Ninian's foundation at Whithorn was at first to be known as Muinntir Mór, but he himself called it after Martin's first at Ligugé - Logotegiacum being the Latin form of Ligugé, coming from the Celtic "leuk" (Gaelic "geal", shining white) and "tigh", a house. 

From this then came the name Candida Casa, and its daughter house in Wales, Ty Gwynn, the Bright House.

Martin traveled and preached through western Gaul: 

"The memory of these apostolic journeys survives to our day in the numerous local legends of which Martin is the hero and which indicate roughly the routes that he followed."

Became Bishop of Tours

In 371 A.D. Martin was acclaimed Bishop of Tours, where he impressed the city with his demeanor, and by the determination with which he had pagan temples demolished or burnt, pagan altars smashed, and pagan idols destroyed.  

Sulpicius affirms that he withdrew from the press of attention in the city to live in Marmoutier (Majus Monasterium), the 2nd monastery he founded (in 372 A.D.), which faces Tours from the opposite shore of the Loire.

The Abbey of St. Martin at Tours was one of the most prominent and influential establishments in Dark Age and Medieval France.

Martin Luther was purportedly named after St. Martin, as he was baptized on November 11 (St. Martin's Day), 1483.

St. Patrick & the Monasteries of Gaul (France)

The monastic movement in Gaul started by Martin of Tours was to have an enormous influence in Ireland (and later also in England), as well as in Scotland:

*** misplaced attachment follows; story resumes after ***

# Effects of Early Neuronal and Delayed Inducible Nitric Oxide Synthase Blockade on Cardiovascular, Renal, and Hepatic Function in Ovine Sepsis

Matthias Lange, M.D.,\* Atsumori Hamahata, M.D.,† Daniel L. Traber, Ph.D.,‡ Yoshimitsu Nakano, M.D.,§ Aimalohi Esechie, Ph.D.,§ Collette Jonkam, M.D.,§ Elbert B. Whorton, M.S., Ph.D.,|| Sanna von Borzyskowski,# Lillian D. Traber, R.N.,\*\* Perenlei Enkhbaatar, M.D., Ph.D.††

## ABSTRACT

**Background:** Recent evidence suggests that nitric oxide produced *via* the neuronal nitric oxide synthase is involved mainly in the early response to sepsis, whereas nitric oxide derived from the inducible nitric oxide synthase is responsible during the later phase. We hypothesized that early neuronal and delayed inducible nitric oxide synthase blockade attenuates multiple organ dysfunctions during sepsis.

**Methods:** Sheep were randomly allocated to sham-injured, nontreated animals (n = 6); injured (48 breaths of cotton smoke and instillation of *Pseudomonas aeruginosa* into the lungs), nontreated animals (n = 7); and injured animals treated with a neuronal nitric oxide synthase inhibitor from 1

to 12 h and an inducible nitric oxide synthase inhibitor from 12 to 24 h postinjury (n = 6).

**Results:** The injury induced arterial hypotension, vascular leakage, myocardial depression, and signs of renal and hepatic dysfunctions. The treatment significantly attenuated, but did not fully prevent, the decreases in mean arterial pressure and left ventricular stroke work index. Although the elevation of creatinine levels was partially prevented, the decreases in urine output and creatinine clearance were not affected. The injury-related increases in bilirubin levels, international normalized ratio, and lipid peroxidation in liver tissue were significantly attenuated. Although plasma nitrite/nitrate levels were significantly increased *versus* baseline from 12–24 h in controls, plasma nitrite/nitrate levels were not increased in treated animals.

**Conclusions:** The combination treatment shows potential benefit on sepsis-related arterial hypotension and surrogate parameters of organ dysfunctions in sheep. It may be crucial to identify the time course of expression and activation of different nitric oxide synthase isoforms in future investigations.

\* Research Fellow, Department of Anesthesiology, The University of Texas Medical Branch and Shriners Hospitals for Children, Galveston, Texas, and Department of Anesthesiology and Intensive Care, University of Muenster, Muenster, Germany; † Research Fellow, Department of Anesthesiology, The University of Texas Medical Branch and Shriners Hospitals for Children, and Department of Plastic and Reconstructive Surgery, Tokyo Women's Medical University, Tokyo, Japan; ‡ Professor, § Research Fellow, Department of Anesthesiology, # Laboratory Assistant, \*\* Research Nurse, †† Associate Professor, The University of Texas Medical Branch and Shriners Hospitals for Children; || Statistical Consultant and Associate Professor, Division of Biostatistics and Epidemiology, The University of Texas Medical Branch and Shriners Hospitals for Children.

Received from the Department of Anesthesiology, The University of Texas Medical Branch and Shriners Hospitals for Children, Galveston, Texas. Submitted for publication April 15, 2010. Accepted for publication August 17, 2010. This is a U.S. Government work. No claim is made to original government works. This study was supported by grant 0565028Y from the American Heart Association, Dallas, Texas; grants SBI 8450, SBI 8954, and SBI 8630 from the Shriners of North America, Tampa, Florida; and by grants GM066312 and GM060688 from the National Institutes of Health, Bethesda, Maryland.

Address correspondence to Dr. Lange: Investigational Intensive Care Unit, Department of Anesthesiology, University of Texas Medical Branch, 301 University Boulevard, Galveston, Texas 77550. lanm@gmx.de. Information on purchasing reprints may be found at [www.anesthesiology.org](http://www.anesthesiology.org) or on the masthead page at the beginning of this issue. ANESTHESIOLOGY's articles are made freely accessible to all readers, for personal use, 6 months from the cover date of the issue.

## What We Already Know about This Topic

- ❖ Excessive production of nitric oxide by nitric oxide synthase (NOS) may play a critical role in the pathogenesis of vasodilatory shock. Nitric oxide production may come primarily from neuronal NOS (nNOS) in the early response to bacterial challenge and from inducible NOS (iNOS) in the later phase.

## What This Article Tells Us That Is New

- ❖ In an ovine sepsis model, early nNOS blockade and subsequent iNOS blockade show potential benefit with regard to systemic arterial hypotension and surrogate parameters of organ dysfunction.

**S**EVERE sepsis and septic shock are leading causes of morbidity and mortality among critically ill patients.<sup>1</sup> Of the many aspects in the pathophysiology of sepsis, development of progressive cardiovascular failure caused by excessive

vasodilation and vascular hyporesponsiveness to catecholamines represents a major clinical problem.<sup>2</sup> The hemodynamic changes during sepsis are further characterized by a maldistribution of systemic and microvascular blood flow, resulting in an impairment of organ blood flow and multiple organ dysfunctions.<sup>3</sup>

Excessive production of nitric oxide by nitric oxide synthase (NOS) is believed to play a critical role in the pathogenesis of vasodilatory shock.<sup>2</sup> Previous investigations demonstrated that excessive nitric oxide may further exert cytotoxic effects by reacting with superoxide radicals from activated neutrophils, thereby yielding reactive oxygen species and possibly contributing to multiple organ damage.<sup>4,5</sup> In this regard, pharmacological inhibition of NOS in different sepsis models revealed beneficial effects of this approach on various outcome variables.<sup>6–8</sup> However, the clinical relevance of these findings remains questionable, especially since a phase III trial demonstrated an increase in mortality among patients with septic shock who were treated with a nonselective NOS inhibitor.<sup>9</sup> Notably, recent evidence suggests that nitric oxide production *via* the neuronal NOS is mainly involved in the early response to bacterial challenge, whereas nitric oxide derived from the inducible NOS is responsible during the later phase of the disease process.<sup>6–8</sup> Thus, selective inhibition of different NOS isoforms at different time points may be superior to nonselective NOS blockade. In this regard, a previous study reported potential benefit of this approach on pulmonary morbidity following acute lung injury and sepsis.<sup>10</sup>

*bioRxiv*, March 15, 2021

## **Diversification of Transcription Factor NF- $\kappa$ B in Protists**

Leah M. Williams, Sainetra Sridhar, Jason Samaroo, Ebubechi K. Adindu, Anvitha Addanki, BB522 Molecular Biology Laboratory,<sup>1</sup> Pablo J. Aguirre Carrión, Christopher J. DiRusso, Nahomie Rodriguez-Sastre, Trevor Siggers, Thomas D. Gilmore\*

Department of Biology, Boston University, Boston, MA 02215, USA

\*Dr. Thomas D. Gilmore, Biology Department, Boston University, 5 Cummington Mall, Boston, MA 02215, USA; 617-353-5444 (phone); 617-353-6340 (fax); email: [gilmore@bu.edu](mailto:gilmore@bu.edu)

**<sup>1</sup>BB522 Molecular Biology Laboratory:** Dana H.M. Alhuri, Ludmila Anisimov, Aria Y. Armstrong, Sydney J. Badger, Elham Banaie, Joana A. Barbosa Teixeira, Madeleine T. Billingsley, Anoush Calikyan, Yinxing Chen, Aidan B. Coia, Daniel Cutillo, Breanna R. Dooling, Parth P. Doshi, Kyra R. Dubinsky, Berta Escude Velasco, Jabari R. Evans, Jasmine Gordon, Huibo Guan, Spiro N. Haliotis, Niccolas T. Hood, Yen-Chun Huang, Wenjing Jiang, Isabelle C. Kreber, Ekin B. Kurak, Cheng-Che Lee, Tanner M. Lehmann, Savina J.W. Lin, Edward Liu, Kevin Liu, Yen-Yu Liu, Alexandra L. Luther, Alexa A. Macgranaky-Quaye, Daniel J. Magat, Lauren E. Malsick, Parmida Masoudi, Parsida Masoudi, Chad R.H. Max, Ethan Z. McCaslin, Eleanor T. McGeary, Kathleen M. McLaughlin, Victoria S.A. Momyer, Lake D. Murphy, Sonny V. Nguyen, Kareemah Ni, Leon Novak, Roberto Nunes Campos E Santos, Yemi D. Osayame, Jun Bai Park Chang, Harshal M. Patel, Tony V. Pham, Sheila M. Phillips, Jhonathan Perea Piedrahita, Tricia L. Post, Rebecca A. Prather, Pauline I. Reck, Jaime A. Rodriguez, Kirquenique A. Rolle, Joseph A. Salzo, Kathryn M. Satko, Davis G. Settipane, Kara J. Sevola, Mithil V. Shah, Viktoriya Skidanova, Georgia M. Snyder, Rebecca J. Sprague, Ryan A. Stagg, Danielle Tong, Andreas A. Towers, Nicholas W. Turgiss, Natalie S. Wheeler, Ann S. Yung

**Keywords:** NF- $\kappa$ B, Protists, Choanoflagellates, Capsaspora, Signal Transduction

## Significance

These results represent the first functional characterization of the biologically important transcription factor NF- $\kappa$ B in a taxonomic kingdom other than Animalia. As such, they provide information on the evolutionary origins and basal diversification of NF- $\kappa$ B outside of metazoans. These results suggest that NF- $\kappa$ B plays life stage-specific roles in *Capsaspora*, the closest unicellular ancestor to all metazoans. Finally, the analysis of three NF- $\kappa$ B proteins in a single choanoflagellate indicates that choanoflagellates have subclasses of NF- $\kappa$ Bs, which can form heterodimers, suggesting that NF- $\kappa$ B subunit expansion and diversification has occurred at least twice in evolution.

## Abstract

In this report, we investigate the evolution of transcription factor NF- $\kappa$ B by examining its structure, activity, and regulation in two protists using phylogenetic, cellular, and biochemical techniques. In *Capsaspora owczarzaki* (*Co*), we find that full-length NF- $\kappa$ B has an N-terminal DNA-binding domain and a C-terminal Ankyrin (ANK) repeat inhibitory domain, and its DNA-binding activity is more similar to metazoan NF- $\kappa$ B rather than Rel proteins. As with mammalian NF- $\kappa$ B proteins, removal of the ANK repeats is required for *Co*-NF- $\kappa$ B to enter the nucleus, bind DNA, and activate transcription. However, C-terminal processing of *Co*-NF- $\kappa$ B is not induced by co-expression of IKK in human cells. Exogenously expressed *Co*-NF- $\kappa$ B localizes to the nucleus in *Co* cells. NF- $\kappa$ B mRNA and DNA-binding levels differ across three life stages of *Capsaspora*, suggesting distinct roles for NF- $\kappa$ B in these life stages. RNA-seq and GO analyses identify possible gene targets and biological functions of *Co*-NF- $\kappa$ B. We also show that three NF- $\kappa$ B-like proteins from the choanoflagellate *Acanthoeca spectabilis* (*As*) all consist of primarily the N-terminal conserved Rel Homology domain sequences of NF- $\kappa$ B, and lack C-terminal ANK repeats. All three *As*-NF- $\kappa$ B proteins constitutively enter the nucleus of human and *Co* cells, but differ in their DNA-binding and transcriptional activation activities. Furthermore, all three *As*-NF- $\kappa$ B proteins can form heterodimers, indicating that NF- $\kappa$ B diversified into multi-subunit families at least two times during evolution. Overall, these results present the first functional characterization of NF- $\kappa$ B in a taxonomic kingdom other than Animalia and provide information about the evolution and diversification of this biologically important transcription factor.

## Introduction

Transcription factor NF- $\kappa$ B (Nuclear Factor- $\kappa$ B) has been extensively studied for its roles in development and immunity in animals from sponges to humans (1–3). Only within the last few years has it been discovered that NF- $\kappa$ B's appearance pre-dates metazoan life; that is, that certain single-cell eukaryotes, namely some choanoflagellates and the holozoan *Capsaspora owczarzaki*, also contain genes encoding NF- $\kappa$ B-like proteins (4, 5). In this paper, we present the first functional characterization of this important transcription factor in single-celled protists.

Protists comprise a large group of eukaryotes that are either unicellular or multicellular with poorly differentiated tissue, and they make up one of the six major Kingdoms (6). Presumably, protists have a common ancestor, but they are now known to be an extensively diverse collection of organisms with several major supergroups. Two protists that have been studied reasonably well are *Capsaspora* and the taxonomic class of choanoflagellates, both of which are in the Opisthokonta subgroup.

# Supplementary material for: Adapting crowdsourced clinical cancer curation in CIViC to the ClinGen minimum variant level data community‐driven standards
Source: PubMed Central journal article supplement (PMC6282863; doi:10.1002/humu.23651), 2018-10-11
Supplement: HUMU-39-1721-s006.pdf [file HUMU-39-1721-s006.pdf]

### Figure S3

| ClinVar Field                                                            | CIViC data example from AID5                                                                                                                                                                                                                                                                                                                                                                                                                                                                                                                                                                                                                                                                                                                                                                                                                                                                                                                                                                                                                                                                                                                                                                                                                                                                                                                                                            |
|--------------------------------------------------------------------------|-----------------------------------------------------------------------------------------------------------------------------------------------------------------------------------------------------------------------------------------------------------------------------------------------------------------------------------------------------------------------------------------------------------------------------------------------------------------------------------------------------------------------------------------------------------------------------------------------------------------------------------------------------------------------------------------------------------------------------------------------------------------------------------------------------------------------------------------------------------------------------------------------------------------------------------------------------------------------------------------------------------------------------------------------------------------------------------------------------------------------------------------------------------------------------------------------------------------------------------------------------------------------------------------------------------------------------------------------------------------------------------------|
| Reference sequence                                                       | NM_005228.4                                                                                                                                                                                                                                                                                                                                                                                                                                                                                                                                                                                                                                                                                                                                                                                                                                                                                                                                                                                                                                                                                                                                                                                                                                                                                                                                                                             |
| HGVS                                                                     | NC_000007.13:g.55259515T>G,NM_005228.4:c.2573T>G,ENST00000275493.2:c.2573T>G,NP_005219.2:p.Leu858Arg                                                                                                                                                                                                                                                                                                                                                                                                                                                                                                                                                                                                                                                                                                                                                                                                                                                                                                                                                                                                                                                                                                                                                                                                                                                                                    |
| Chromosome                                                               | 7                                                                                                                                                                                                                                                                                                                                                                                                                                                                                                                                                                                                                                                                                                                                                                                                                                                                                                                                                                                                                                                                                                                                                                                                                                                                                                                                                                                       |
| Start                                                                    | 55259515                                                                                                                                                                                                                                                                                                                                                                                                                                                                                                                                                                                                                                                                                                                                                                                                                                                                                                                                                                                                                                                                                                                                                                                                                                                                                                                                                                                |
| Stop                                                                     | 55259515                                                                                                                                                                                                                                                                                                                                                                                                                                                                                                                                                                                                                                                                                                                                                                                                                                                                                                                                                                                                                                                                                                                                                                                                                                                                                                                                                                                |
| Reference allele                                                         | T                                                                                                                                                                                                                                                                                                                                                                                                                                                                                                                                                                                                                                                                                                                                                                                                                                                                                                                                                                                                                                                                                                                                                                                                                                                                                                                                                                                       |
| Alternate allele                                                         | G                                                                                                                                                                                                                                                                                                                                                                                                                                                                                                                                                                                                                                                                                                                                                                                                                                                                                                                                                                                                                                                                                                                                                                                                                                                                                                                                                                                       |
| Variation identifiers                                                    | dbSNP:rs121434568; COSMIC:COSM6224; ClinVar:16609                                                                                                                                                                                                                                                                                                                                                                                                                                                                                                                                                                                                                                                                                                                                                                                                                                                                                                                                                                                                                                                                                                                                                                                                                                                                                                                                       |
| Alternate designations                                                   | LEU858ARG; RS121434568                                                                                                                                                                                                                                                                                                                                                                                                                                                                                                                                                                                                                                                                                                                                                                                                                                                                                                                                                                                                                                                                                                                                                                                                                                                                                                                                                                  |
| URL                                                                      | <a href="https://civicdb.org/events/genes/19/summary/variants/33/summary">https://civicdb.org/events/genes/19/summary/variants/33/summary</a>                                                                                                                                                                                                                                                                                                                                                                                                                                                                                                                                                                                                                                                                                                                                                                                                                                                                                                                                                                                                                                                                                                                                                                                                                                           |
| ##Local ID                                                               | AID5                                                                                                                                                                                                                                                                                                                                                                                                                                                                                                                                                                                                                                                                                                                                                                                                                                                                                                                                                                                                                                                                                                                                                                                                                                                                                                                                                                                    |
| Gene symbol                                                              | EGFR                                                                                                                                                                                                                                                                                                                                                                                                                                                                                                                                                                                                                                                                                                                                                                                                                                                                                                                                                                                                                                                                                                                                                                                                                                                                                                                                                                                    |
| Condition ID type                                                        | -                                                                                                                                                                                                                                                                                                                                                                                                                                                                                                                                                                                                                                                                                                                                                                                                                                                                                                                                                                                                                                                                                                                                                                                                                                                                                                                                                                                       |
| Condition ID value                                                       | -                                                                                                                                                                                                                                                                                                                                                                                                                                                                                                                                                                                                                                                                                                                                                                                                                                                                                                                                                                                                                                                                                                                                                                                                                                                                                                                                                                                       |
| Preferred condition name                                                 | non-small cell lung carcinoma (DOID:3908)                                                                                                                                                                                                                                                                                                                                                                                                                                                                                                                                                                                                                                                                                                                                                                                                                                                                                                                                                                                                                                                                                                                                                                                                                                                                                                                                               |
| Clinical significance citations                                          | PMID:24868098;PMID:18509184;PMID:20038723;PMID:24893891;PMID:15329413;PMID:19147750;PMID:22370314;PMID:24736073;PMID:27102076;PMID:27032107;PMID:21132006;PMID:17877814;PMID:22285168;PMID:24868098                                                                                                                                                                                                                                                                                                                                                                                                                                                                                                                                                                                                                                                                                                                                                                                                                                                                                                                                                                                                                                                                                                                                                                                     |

There are local traditions that St. Patrick studied at two other of the earliest monasteries in Gaul, before his return to Ireland as a Missionary Bishop: Lerins monastery (founded by Honoratus in 410 A.D.) and Auxerre monastery (founded by Germaine in 422 A.D.). _______________________________

Earliest Monasteries in Gaul Timeline:

  • Liguge: the first monastery in Gaul (modern-day France), founded by Martin of Tours in 363 A.D.

  • Marmoutier (Majus Monasterium): the second monastery founded by Martin of Tours, in 372 A.D.

  • Lerins: monastery founded by Honoratus in 410 A.D.

  • Auxerre: monastery founded by Germaine in 422 A.D.

Early Missionary Monks:

St. Ninian trained at Martin of Tours' Marmoutier monastery, before becoming the first missionary to Scotland.  

Local tradition holds that St. Patrick trained at the Lerins and Auxerre monasteries before becoming missionary to Ireland. _______________________________


  • Sulpitius Severus, "On the Life of St. Martin". Translation and Notes by Alexander Roberts. In A Select Library of Nicene and Post-Nicene Fathers of the Christian Church, New York, 1894.

  • Wikipedia: "Martin of Tours".

  • "The Catholic Encyclopedia", Volume IX. Published 1910. New York: Robert Appleton Company.


See Also:


(Except Wikipedia and other Texts) Copyright © 2007 S.G.P. All rights reserved.